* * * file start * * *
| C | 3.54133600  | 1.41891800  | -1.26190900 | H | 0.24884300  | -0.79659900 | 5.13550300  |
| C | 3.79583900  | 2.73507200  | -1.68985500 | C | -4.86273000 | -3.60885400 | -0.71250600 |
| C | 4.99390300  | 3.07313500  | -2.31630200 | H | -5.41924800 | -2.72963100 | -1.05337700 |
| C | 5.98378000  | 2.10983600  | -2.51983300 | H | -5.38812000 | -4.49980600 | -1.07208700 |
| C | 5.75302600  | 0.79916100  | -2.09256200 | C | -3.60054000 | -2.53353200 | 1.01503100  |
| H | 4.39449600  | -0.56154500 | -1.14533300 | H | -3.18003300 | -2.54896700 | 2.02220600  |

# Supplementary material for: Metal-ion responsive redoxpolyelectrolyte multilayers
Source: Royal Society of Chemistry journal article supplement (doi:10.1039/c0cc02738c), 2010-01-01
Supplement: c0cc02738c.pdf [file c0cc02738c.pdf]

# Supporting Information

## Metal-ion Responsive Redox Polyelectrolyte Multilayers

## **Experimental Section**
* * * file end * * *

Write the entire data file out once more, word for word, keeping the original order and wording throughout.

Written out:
| C | 3.54133600  | 1.41891800  | -1.26190900 | H | 0.24884300  | -0.79659900 | 5.13550300  |
| C | 3.79583900  | 2.73507200  | -1.68985500 | C | -4.86273000 | -3.60885400 | -0.71250600 |
| C | 4.99390300  | 3.07313500  | -2.31630200 | H | -5.41924800 | -2.72963100 | -1.05337700 |
| C | 5.98378000  | 2.10983600  | -2.51983300 | H | -5.38812000 | -4.49980600 | -1.07208700 |
| C | 5.75302600  | 0.79916100  | -2.09256200 | C | -3.60054000 | -2.53353200 | 1.01503100  |
| H | 4.39449600  | -0.56154500 | -1.14533300 | H | -3.18003300 | -2.54896700 | 2.02220600  |

# Supplementary material for: Metal-ion responsive redoxpolyelectrolyte multilayers
Source: Royal Society of Chemistry journal article supplement (doi:10.1039/c0cc02738c), 2010-01-01
Supplement: c0cc02738c.pdf [file c0cc02738c.pdf]

# Supporting Information

## Metal-ion Responsive Redox Polyelectrolyte Multilayers

## **Experimental Section**